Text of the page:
Placing value on placement

Dec 2, 2002  •  Post A Comment

Product placement usually has a price, but until now its value was anybody’s guess.
iTVX, which bills itself as the “interactive product placement network,” is a new company that intends to put dollar signs on placements in much the same way that commercials are valued. iTVX will charge clients between $2,000 and $5,000 per month for the right to access its Web site, where it will quantify the value of each placement across various parameters.
iTVX is currently showing prospective clients, including Kraft and Unilever, demos at the site, where various past placements are valued. Those demo valuations range from $3,389, for a three-second walk-by in front of a supermarket aisle featuring All detergent in a 1999 episode of “Sex and the City” to $33,980 for a seven-second shot that included a close-up of a bottle of Sunlight detergent in a 2000 episode of “Everybody Loves Raymond” to more than $226,536 for a lengthy 1994 “Friends” placement in which a bottle of Snuggle detergent was not only held but also mentioned by one of the characters.
“For the first time we’re taking subjectivity and making it objective,” said Frank Zazza, the placement veteran who heads iTVX.
To do this, iTVX has developed a scale of product exposure levels. The lowest level, for example, is simply a clear product logo in the background of a shot or a scene. Level 3 is “background plus a close-up” that includes the product. Level 6 includes not only a product close-up but also a “hands-on” interaction by one of the actors. Level 9 adds a verbal mention to the hands-on interaction. And at Level 10, the ultimate in product placement, a show’s entire episode is written around a product; for example, the Junior Mints episode of “Seinfeld,” in which Jerry and Kramer munch the candies while blithely watching a surgical procedure. The value of that exposure is “off the charts,” Mr. Zazza said.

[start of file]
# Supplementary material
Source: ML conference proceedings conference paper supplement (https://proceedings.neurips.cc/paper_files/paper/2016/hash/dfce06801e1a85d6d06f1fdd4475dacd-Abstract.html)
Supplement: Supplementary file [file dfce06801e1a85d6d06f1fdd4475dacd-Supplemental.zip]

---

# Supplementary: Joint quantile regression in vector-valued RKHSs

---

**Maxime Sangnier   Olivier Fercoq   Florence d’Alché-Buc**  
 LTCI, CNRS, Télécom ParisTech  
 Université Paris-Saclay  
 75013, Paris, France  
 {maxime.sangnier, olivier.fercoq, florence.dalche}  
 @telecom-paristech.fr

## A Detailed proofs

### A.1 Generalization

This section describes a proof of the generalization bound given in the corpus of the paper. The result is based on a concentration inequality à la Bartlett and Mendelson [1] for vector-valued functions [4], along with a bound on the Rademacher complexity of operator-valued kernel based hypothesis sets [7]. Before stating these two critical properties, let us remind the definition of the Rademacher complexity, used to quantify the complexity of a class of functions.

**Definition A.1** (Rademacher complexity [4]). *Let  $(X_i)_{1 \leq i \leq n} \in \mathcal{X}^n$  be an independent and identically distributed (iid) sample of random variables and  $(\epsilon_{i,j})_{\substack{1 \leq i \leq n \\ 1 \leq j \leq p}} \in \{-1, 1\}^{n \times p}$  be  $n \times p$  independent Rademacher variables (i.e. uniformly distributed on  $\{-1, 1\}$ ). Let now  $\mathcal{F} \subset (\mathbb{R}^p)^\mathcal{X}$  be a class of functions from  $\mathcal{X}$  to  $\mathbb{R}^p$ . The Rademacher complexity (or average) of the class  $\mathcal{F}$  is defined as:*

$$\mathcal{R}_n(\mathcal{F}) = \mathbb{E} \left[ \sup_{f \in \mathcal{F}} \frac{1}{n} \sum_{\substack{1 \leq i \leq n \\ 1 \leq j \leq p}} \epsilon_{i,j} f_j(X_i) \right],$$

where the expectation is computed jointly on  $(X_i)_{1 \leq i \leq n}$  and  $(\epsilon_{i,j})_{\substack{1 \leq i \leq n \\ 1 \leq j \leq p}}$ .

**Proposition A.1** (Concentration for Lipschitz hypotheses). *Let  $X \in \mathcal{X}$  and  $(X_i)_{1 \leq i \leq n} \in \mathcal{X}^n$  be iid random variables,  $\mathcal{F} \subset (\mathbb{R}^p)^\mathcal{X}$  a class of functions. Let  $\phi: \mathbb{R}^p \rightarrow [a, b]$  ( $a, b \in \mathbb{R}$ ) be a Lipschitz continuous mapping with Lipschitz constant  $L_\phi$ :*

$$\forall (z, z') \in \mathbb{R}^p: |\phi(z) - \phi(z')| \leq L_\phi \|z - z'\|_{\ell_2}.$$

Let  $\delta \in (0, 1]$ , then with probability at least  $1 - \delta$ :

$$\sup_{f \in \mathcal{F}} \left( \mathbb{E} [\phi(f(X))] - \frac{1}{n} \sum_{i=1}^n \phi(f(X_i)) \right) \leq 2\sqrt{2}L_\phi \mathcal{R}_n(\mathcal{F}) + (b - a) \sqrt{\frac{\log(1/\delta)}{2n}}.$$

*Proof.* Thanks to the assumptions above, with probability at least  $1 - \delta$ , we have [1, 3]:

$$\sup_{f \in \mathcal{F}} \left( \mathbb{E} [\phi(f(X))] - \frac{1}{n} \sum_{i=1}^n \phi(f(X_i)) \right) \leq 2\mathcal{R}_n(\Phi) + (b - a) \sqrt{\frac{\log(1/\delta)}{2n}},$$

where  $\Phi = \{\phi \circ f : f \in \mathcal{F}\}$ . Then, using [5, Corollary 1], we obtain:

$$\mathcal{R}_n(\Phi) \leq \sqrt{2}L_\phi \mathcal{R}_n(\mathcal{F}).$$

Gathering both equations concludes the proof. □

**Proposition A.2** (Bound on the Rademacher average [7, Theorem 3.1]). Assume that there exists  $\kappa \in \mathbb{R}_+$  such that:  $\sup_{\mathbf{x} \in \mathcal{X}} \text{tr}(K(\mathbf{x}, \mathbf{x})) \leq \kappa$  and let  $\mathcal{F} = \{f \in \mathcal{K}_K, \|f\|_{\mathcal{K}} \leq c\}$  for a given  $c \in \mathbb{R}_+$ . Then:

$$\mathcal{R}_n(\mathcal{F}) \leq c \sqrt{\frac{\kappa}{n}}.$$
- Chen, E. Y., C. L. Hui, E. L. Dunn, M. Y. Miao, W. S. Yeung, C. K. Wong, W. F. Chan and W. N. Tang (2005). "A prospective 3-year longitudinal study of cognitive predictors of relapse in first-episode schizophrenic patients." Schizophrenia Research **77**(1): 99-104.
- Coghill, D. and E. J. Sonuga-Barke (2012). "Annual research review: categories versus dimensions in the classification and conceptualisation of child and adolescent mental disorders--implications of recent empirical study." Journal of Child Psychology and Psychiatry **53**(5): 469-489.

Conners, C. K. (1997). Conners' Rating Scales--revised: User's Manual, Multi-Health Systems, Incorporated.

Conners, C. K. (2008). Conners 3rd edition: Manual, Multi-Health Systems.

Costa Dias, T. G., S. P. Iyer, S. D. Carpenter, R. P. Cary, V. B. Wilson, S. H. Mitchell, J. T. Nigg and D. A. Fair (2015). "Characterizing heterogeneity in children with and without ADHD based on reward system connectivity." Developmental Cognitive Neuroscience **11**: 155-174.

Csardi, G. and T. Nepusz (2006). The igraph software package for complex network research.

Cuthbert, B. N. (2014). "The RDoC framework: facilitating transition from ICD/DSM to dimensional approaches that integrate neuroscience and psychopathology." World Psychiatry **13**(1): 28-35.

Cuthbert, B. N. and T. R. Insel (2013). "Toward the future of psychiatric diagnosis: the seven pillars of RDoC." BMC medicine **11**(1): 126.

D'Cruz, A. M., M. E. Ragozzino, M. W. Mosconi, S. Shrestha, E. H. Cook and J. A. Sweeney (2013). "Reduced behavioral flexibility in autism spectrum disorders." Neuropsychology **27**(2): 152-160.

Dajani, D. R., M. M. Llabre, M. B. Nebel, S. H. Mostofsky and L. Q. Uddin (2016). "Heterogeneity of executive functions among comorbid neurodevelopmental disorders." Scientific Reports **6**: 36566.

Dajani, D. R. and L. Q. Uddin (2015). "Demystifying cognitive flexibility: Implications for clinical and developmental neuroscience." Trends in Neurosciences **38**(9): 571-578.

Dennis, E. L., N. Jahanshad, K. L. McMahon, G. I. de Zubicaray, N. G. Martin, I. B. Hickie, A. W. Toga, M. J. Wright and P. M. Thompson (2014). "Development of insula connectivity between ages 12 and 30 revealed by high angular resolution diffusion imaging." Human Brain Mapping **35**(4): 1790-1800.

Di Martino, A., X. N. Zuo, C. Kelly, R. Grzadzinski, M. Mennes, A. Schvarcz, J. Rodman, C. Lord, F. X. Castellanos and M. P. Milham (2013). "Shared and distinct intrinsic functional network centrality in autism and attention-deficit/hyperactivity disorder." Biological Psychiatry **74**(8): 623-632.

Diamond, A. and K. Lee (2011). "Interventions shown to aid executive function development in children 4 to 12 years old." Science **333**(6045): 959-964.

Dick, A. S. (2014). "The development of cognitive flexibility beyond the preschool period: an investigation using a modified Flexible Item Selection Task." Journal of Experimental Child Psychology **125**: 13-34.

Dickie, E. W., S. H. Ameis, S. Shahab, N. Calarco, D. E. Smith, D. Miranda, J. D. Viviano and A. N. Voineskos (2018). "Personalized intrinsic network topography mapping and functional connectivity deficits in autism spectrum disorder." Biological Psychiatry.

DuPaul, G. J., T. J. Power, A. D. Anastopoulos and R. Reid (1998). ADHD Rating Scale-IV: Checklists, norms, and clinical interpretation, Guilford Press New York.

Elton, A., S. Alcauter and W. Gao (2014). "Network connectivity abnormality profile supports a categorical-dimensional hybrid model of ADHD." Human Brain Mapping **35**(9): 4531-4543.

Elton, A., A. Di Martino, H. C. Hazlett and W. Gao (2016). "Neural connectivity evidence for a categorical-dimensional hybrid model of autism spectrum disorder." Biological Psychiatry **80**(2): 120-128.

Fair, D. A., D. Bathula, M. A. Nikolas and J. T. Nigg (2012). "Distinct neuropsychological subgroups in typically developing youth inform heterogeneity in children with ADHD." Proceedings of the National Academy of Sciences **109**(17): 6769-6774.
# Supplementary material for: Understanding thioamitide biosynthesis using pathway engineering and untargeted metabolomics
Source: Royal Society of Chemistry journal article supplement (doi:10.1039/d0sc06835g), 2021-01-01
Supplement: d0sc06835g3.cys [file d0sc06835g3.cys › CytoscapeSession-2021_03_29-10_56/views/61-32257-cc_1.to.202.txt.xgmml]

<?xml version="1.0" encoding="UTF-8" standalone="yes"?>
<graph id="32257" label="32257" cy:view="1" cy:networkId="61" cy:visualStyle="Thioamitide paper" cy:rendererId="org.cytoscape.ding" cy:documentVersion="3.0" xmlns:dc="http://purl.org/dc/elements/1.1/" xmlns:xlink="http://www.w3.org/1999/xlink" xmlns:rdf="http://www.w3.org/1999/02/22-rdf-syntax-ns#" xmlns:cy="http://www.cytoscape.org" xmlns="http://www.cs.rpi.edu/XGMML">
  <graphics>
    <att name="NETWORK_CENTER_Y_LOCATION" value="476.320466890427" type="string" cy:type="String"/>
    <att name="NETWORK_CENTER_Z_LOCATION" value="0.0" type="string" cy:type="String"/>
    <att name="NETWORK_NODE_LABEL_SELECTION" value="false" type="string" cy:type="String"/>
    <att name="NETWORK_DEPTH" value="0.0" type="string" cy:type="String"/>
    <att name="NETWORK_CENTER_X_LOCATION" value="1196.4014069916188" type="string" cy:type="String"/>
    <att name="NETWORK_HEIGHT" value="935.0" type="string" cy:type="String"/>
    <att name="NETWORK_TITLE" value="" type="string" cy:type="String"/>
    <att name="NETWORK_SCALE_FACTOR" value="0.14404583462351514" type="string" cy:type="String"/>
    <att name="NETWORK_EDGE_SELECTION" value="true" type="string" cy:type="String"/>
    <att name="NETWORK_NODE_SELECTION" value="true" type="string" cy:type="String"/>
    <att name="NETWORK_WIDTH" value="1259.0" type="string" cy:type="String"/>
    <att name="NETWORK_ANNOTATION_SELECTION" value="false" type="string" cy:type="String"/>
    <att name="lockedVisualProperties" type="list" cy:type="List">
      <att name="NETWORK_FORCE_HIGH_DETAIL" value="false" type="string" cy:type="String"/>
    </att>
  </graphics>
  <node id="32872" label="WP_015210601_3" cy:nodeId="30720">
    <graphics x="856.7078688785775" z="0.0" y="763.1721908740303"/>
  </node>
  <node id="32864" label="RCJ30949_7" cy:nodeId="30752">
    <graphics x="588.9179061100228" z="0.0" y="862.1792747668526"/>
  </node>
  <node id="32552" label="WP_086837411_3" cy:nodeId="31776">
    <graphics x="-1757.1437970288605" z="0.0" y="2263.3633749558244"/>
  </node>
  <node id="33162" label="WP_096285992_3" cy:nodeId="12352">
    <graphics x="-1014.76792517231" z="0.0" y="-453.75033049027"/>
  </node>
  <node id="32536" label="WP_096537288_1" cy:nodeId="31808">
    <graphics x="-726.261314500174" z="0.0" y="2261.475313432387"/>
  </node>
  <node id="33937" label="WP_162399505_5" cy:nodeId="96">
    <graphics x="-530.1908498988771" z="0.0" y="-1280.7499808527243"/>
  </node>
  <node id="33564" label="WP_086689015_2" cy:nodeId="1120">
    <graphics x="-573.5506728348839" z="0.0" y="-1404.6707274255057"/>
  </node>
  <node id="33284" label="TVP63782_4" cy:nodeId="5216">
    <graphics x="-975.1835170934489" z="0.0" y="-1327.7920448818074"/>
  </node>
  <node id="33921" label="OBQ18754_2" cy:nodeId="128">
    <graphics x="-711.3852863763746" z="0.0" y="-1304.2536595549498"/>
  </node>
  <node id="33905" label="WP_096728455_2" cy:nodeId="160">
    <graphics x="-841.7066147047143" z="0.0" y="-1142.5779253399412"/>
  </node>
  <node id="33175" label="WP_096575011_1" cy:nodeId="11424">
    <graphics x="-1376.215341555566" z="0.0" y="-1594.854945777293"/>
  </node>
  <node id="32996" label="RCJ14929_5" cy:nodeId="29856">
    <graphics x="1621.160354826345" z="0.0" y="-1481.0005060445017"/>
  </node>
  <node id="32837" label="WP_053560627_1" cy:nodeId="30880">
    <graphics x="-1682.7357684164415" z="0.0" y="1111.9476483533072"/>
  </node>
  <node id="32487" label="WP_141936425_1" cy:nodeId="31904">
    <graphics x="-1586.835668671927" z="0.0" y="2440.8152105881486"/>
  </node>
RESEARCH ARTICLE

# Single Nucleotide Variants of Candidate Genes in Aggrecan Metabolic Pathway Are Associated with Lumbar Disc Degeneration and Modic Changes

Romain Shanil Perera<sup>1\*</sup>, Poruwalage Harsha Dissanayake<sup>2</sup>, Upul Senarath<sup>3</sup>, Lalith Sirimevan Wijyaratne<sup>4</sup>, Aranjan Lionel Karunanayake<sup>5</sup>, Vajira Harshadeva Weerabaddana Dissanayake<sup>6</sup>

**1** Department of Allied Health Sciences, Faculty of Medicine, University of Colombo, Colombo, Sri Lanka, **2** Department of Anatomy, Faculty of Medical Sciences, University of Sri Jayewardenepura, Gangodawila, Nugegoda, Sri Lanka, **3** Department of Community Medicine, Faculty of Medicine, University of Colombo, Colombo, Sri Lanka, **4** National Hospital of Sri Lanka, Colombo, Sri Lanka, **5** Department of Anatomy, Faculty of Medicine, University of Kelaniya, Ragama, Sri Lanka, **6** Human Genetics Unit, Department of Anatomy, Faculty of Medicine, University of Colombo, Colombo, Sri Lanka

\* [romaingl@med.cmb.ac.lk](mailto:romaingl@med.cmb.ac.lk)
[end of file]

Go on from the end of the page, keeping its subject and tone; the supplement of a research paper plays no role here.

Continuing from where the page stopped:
“It’s really going to mean a lot to our organization in terms of putting a value on product placement,” said Louise Milano, marketing resource manager for Unilever, whose brands include Hellmann’s mayonnaise and Lipton tea. “It puts a number on it, and people like to see numbers,” said Ms. Milano, who had recently viewed the iTVX demonstration.
The `impact factor’
Among other factors in the iTVX formula are length of time the product is shown and the “impact factor” of a placement, which Mr. Zazza defined as the “percentage of the value of a product-placement second in a show [compared] with that of a commercial second if purchased for the show.”
That impact factor can range from a small percentage of the cost of an equivalent commercial to “as high as 500 percent of a commercial second,” according to Mr. Zazza. Approximately twice as many people watch a show than watch the commercials within it, he added, and viewers tend to have a better recall of the show than of its commercials.
iTVX will offer clients information on placements in any show on the six broadcast networks as well as on HBO, Lifetime and Discovery, Mr. Zazza said. “You now have the ability for a network and a marketer to do business together. You have some type of an unbiased third party,” he said. “You could pay by performance, after [the placement] appears, just like a commercial.”
Mr. Zazza, who has been placing products in films and TV for more than 20 years, recalled being involved with some of the most famous placements in media history, including being part of the teams that brought Reese’s Pieces to “E.T.” and Junior Mints to “Seinfeld.”
The company’s Web site is iTVX.com.
The Advertising page is edited Louis Chunovic, who can be reached by phone at 212-210-0233, by fax at 212-210-0400, or by e-mail at lchunovic@crain.com.